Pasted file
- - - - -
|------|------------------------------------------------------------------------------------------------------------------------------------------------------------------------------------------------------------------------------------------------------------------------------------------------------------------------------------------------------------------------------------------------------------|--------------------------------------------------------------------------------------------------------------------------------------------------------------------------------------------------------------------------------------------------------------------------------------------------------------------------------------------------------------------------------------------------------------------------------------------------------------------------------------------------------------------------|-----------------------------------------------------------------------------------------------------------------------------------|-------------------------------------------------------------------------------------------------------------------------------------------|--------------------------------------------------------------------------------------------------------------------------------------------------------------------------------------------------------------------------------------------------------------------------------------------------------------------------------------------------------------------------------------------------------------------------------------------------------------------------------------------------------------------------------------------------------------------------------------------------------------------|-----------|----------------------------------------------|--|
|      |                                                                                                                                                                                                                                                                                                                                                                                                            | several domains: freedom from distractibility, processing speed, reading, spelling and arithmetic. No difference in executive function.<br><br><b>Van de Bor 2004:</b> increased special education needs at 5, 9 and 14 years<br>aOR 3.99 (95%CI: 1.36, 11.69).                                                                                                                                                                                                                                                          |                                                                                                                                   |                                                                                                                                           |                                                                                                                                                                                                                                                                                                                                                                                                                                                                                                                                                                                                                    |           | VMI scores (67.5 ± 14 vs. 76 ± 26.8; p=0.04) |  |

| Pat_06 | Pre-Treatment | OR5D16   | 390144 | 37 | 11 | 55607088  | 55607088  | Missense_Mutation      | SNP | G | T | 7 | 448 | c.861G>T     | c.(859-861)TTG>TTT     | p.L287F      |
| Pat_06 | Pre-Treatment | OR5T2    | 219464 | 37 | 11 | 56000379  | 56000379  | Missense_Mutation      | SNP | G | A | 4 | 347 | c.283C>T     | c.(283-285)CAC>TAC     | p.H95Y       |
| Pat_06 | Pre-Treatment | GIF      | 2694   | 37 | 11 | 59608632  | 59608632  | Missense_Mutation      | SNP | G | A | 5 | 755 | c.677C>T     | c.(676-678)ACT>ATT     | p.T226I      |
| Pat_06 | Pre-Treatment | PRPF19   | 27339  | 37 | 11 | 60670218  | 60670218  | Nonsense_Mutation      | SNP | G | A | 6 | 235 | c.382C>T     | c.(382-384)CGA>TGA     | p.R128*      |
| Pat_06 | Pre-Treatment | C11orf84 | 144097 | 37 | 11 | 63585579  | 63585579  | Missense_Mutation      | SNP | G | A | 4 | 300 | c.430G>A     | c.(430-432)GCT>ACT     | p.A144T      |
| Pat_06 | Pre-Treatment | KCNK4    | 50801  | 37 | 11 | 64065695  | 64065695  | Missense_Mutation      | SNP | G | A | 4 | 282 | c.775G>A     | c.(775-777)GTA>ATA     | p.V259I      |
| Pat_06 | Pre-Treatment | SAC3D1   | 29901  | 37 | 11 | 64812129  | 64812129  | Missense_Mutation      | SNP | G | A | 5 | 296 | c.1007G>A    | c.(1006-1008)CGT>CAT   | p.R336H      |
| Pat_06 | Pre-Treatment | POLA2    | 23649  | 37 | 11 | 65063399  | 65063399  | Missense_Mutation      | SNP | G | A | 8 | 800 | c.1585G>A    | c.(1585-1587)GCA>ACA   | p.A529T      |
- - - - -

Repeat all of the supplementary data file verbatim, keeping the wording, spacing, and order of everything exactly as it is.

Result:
|------|------------------------------------------------------------------------------------------------------------------------------------------------------------------------------------------------------------------------------------------------------------------------------------------------------------------------------------------------------------------------------------------------------------|--------------------------------------------------------------------------------------------------------------------------------------------------------------------------------------------------------------------------------------------------------------------------------------------------------------------------------------------------------------------------------------------------------------------------------------------------------------------------------------------------------------------------|-----------------------------------------------------------------------------------------------------------------------------------|-------------------------------------------------------------------------------------------------------------------------------------------|--------------------------------------------------------------------------------------------------------------------------------------------------------------------------------------------------------------------------------------------------------------------------------------------------------------------------------------------------------------------------------------------------------------------------------------------------------------------------------------------------------------------------------------------------------------------------------------------------------------------|-----------|----------------------------------------------|--|
|      |                                                                                                                                                                                                                                                                                                                                                                                                            | several domains: freedom from distractibility, processing speed, reading, spelling and arithmetic. No difference in executive function.<br><br><b>Van de Bor 2004:</b> increased special education needs at 5, 9 and 14 years<br>aOR 3.99 (95%CI: 1.36, 11.69).                                                                                                                                                                                                                                                          |                                                                                                                                   |                                                                                                                                           |                                                                                                                                                                                                                                                                                                                                                                                                                                                                                                                                                                                                                    |           | VMI scores (67.5 ± 14 vs. 76 ± 26.8; p=0.04) |  |

| Pat_06 | Pre-Treatment | OR5D16   | 390144 | 37 | 11 | 55607088  | 55607088  | Missense_Mutation      | SNP | G | T | 7 | 448 | c.861G>T     | c.(859-861)TTG>TTT     | p.L287F      |
| Pat_06 | Pre-Treatment | OR5T2    | 219464 | 37 | 11 | 56000379  | 56000379  | Missense_Mutation      | SNP | G | A | 4 | 347 | c.283C>T     | c.(283-285)CAC>TAC     | p.H95Y       |
| Pat_06 | Pre-Treatment | GIF      | 2694   | 37 | 11 | 59608632  | 59608632  | Missense_Mutation      | SNP | G | A | 5 | 755 | c.677C>T     | c.(676-678)ACT>ATT     | p.T226I      |
| Pat_06 | Pre-Treatment | PRPF19   | 27339  | 37 | 11 | 60670218  | 60670218  | Nonsense_Mutation      | SNP | G | A | 6 | 235 | c.382C>T     | c.(382-384)CGA>TGA     | p.R128*      |
| Pat_06 | Pre-Treatment | C11orf84 | 144097 | 37 | 11 | 63585579  | 63585579  | Missense_Mutation      | SNP | G | A | 4 | 300 | c.430G>A     | c.(430-432)GCT>ACT     | p.A144T      |
| Pat_06 | Pre-Treatment | KCNK4    | 50801  | 37 | 11 | 64065695  | 64065695  | Missense_Mutation      | SNP | G | A | 4 | 282 | c.775G>A     | c.(775-777)GTA>ATA     | p.V259I      |
| Pat_06 | Pre-Treatment | SAC3D1   | 29901  | 37 | 11 | 64812129  | 64812129  | Missense_Mutation      | SNP | G | A | 5 | 296 | c.1007G>A    | c.(1006-1008)CGT>CAT   | p.R336H      |
| Pat_06 | Pre-Treatment | POLA2    | 23649  | 37 | 11 | 65063399  | 65063399  | Missense_Mutation      | SNP | G | A | 8 | 800 | c.1585G>A    | c.(1585-1587)GCA>ACA   | p.A529T      |